PR lags professions in tackling impact of AI on practice and workforce

A literature review published by the CIPR finds that PR lags other professions including HR and management consultancy in getting to grips with AI. It highlights key issues that need to be urgently tackled.

What is the future of a profession when a body of knowledge can be assimilated into a data set and interrogated by a machine?

That was the question posed by Prof Anne Gregory this week at the launch of a literature review published by the CIPR #AIinPR panel called The Effects of AI on the Professions at the Alan Turing Institute at the British Library.

Prof Gregory was speaking to a multi-disciplinary group including representatives from the Alan Turing Institute, CBI, CIPR, CIM and the UK Government’s Office for AI.

The paper is based on an analysis of more than 170 sources that have been compiled in a literary repository by the CIPR. The #AIinPR panel examined academic papers, national reports, think tank studies, research group reports, and a variety of other sources.

Speaking at the launch of the paper Dr David Leslie, an ethicist at the Alan Turing Institute, cautioned against focusing on the negative implications of AI.

“We are not facing a moment of singularity where a super robot will take over. The discussion needs a sense of sobriety otherwise the very real benefits of AI will be overlooked,” said Dr David Leslie, Alan Turing Institute.

It’s this philosophy that led to the CIPR to setting up the #AIinPR panel to explore the impact of AI on PR in 2018.

“The effects of AI paper shows that many other professions have a more robust approach to exploring the impact of AI. PR doesn’t seem to be doing so. It’s sleepwalking,” said Kerry Sheehan, chair, CIPR #AIinPR panel.

The CIPR paper suggests that AI will have a significant impact on professions, and PR specifically. It notes that PR is not as progressive as professions such as HR and management consultancy in its thinking and planning around AI. It addresses four further conclusions.

1. Automation of tasks

AI will render a set of professional skills redundant. Computers can assimilate knowledge faster than humans and perform repetitive tasks reliably and quickly. Media monitoring, distribution and content creation are all areas of practice that are being automated.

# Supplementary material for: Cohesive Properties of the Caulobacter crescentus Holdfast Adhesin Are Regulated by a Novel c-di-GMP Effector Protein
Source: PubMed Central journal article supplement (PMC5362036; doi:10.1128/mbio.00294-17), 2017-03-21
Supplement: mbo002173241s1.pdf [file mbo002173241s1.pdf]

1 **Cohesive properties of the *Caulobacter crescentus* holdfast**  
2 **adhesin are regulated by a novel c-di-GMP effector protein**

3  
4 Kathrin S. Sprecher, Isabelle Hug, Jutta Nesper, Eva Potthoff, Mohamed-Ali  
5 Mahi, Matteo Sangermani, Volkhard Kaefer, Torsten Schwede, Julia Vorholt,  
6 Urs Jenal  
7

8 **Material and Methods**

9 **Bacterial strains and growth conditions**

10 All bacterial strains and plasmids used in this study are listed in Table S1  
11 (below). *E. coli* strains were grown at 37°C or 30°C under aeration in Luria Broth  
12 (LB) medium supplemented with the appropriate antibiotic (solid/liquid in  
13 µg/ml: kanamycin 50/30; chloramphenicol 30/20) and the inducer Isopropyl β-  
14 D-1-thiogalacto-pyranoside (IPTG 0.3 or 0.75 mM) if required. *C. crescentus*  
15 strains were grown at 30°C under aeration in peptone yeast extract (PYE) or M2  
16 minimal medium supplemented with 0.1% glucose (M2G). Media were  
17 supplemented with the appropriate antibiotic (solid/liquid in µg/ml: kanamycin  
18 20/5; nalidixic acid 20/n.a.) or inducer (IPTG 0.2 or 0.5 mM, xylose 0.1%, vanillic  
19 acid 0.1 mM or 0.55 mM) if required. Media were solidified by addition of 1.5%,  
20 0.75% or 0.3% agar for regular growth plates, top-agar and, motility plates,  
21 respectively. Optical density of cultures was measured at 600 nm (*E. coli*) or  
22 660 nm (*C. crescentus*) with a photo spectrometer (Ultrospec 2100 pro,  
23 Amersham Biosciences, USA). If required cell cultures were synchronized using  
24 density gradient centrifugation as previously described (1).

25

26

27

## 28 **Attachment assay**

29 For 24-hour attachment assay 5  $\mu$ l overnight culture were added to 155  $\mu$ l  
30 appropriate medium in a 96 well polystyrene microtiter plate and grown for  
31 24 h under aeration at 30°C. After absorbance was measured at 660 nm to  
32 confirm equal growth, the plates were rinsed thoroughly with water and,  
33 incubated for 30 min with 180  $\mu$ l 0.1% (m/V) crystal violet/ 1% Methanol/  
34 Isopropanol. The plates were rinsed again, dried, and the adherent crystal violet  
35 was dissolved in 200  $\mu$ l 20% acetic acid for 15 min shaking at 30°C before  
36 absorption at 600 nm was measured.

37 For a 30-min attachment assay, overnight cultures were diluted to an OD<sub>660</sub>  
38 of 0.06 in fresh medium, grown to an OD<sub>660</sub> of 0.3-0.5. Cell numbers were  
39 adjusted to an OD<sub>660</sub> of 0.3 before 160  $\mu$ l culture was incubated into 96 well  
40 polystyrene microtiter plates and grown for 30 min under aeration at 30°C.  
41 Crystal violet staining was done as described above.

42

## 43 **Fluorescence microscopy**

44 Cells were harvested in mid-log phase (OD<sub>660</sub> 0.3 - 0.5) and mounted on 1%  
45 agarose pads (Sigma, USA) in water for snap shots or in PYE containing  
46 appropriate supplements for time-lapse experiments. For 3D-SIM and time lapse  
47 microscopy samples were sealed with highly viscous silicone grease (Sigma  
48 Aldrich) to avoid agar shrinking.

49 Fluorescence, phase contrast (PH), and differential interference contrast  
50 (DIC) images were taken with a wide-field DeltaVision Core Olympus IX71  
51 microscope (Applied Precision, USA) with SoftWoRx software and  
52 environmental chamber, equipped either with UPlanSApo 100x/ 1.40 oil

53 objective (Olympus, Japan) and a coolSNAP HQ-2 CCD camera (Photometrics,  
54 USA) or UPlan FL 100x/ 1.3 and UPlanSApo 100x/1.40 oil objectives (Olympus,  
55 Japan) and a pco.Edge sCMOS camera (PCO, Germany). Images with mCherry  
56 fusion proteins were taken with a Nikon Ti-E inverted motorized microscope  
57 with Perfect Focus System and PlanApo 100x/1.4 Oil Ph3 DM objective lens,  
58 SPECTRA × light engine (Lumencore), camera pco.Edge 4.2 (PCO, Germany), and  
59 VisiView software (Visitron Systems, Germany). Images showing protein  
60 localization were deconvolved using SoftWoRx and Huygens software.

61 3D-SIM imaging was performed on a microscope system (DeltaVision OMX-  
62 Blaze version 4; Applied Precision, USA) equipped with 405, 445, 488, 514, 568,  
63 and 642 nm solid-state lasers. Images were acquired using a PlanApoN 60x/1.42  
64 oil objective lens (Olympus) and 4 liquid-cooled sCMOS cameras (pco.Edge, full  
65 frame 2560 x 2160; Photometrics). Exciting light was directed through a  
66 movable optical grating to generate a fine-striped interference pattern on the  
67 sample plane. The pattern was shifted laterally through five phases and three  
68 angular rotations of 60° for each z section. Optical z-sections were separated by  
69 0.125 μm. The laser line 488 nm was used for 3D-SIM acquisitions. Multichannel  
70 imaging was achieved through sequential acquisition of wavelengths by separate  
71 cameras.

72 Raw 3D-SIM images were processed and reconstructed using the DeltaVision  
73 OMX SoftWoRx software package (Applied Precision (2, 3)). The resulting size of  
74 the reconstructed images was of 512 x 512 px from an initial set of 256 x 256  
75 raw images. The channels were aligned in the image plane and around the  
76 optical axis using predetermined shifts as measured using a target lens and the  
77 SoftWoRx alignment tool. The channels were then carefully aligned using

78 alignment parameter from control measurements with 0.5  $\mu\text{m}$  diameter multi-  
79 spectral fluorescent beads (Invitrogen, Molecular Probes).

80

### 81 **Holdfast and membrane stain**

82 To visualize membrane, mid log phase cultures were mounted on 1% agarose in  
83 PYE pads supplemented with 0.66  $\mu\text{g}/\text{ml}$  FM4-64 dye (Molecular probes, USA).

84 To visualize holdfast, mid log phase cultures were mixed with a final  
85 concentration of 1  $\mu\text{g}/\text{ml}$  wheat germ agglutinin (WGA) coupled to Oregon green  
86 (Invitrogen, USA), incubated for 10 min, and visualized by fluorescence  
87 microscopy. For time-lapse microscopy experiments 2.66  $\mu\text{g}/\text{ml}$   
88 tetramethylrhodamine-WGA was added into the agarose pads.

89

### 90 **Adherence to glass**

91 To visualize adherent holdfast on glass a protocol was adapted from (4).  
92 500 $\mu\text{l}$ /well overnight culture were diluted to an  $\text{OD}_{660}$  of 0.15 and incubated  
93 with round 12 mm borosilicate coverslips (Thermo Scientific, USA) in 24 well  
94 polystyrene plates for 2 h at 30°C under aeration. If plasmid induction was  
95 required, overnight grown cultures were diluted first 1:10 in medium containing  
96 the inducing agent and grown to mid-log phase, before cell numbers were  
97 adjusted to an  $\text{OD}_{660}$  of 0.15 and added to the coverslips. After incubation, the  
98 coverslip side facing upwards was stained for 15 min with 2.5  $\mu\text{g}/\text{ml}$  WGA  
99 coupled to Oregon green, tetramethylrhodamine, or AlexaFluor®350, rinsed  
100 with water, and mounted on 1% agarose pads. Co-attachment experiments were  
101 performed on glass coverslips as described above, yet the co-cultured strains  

Humans Still Needed published by the CIPR in 2018 suggests that 12% of a PR practitioner’s total skills could be complemented or replaced by AI with a prediction that this could climb to 38% by 2023.

2. Changing nature of professional workforce

The application of AI in practice and society will lead to a major impacts on the professional workforce. This is a topic is being widely discussed by a number of professions. PR lags in its consideration of the issue. The IPR’s Future of Work report is the only study in the repository that examines the effect of AI on the PR workforce.

3. Diversity and other impacts

AI  will impact specific work groups: women, ethnic minorities, those who have lesser qualifications and undertake routine work, and entrants to the PR profession. This is a serious concern for a relatively young profession that is already struggling to get to grips with diversity.

4. Ethics and transparency

There are significant ethical issues around the nature of the power and knowledge balance for organisations applying AI. Issues concerning the algorithms used and the lack of transparency within the black box and their inherent biases.

Recommendations for the PR profession

The #AIinPR project raises more questions than it answers. But that’s the point. The paper highlights the need for further work.

The paper calls for a systematic review of the current and future use of AI and its impact on the PR profession focusing on the follow areas:

  • impact study of AI and the PR profession

  • examination of workforce issues

  • review of education and training courses that will equip current and future professionals

  • study of the ethical implications of AI in the profession

  • consideration of the organisational and societal role that PR professionals will have in the future

The CIPR paper is the conclusion of an 18-month project led by Prof Gregory working with Dr Swati Virmani. Participants in the project include Hana Benesova, Maria Loupa, Kerry Sheehan, Martin Waxman and Chris Dolan.

Photo by Maxime VALCARCE on Unsplash

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